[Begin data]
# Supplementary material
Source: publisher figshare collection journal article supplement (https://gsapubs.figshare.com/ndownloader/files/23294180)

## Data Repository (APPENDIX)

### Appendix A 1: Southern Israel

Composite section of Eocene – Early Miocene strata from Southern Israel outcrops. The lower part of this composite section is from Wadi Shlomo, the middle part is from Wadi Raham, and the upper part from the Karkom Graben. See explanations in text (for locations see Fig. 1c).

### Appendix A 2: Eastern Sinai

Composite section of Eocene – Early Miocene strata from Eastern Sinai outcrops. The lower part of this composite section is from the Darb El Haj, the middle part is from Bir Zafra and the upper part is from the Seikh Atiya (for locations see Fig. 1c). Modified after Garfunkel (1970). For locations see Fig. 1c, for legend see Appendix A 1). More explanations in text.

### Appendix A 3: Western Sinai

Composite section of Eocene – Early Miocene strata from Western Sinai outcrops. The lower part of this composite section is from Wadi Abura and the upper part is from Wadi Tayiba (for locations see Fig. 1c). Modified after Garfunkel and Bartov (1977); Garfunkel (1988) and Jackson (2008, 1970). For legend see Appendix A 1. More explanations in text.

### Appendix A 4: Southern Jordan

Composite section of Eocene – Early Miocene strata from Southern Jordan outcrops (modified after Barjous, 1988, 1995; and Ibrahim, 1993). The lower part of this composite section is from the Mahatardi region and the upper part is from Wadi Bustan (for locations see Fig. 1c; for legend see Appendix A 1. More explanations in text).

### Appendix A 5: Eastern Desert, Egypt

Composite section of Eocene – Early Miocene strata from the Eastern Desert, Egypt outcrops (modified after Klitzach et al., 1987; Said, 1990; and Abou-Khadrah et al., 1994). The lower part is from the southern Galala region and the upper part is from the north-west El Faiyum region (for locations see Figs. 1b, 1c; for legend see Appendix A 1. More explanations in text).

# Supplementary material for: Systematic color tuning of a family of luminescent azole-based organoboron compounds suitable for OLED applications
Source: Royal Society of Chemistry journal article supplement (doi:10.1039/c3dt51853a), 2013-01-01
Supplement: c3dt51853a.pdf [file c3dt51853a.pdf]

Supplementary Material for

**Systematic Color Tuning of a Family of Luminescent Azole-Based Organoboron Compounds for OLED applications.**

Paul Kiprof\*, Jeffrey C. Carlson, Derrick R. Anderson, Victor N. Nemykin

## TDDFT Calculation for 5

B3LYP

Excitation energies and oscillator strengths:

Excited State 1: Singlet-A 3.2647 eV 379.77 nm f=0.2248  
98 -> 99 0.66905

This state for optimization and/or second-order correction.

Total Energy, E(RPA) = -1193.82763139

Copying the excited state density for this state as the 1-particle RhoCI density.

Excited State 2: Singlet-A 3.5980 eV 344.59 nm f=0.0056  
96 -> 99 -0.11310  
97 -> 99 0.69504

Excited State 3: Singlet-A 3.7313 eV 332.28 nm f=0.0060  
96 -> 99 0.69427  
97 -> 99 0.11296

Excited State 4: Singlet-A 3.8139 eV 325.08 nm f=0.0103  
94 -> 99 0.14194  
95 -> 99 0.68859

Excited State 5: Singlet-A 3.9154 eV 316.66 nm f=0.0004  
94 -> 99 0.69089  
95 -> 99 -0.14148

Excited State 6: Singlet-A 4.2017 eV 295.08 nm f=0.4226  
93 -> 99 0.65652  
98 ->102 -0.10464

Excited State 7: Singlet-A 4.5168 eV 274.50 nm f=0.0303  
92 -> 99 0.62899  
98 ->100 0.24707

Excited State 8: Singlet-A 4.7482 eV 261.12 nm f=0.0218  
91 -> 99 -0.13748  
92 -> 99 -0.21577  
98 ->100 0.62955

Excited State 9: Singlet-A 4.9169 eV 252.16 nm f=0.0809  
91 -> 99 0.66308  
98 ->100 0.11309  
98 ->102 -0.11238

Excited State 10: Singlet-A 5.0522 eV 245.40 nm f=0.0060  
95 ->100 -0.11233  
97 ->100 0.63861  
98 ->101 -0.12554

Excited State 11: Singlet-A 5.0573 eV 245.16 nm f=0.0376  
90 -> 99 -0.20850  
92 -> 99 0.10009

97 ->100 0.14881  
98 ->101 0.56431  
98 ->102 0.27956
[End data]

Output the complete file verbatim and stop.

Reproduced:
# Supplementary material
Source: publisher figshare collection journal article supplement (https://gsapubs.figshare.com/ndownloader/files/23294180)

## Data Repository (APPENDIX)

### Appendix A 1: Southern Israel

Composite section of Eocene – Early Miocene strata from Southern Israel outcrops. The lower part of this composite section is from Wadi Shlomo, the middle part is from Wadi Raham, and the upper part from the Karkom Graben. See explanations in text (for locations see Fig. 1c).

### Appendix A 2: Eastern Sinai

Composite section of Eocene – Early Miocene strata from Eastern Sinai outcrops. The lower part of this composite section is from the Darb El Haj, the middle part is from Bir Zafra and the upper part is from the Seikh Atiya (for locations see Fig. 1c). Modified after Garfunkel (1970). For locations see Fig. 1c, for legend see Appendix A 1). More explanations in text.

### Appendix A 3: Western Sinai

Composite section of Eocene – Early Miocene strata from Western Sinai outcrops. The lower part of this composite section is from Wadi Abura and the upper part is from Wadi Tayiba (for locations see Fig. 1c). Modified after Garfunkel and Bartov (1977); Garfunkel (1988) and Jackson (2008, 1970). For legend see Appendix A 1. More explanations in text.

### Appendix A 4: Southern Jordan

Composite section of Eocene – Early Miocene strata from Southern Jordan outcrops (modified after Barjous, 1988, 1995; and Ibrahim, 1993). The lower part of this composite section is from the Mahatardi region and the upper part is from Wadi Bustan (for locations see Fig. 1c; for legend see Appendix A 1. More explanations in text).

### Appendix A 5: Eastern Desert, Egypt

Composite section of Eocene – Early Miocene strata from the Eastern Desert, Egypt outcrops (modified after Klitzach et al., 1987; Said, 1990; and Abou-Khadrah et al., 1994). The lower part is from the southern Galala region and the upper part is from the north-west El Faiyum region (for locations see Figs. 1b, 1c; for legend see Appendix A 1. More explanations in text).

# Supplementary material for: Systematic color tuning of a family of luminescent azole-based organoboron compounds suitable for OLED applications
Source: Royal Society of Chemistry journal article supplement (doi:10.1039/c3dt51853a), 2013-01-01
Supplement: c3dt51853a.pdf [file c3dt51853a.pdf]

Supplementary Material for

**Systematic Color Tuning of a Family of Luminescent Azole-Based Organoboron Compounds for OLED applications.**

Paul Kiprof\*, Jeffrey C. Carlson, Derrick R. Anderson, Victor N. Nemykin

## TDDFT Calculation for 5

B3LYP

Excitation energies and oscillator strengths:

Excited State 1: Singlet-A 3.2647 eV 379.77 nm f=0.2248  
98 -> 99 0.66905

This state for optimization and/or second-order correction.

Total Energy, E(RPA) = -1193.82763139

Copying the excited state density for this state as the 1-particle RhoCI density.

Excited State 2: Singlet-A 3.5980 eV 344.59 nm f=0.0056  
96 -> 99 -0.11310  
97 -> 99 0.69504

Excited State 3: Singlet-A 3.7313 eV 332.28 nm f=0.0060  
96 -> 99 0.69427  
97 -> 99 0.11296

Excited State 4: Singlet-A 3.8139 eV 325.08 nm f=0.0103  
94 -> 99 0.14194  
95 -> 99 0.68859

Excited State 5: Singlet-A 3.9154 eV 316.66 nm f=0.0004  
94 -> 99 0.69089  
95 -> 99 -0.14148

Excited State 6: Singlet-A 4.2017 eV 295.08 nm f=0.4226  
93 -> 99 0.65652  
98 ->102 -0.10464

Excited State 7: Singlet-A 4.5168 eV 274.50 nm f=0.0303  
92 -> 99 0.62899  
98 ->100 0.24707

Excited State 8: Singlet-A 4.7482 eV 261.12 nm f=0.0218  
91 -> 99 -0.13748  
92 -> 99 -0.21577  
98 ->100 0.62955

Excited State 9: Singlet-A 4.9169 eV 252.16 nm f=0.0809  
91 -> 99 0.66308  
98 ->100 0.11309  
98 ->102 -0.11238

Excited State 10: Singlet-A 5.0522 eV 245.40 nm f=0.0060  
95 ->100 -0.11233  
97 ->100 0.63861  
98 ->101 -0.12554

Excited State 11: Singlet-A 5.0573 eV 245.16 nm f=0.0376  
90 -> 99 -0.20850  
92 -> 99 0.10009

97 ->100 0.14881  
98 ->101 0.56431  
98 ->102 0.27956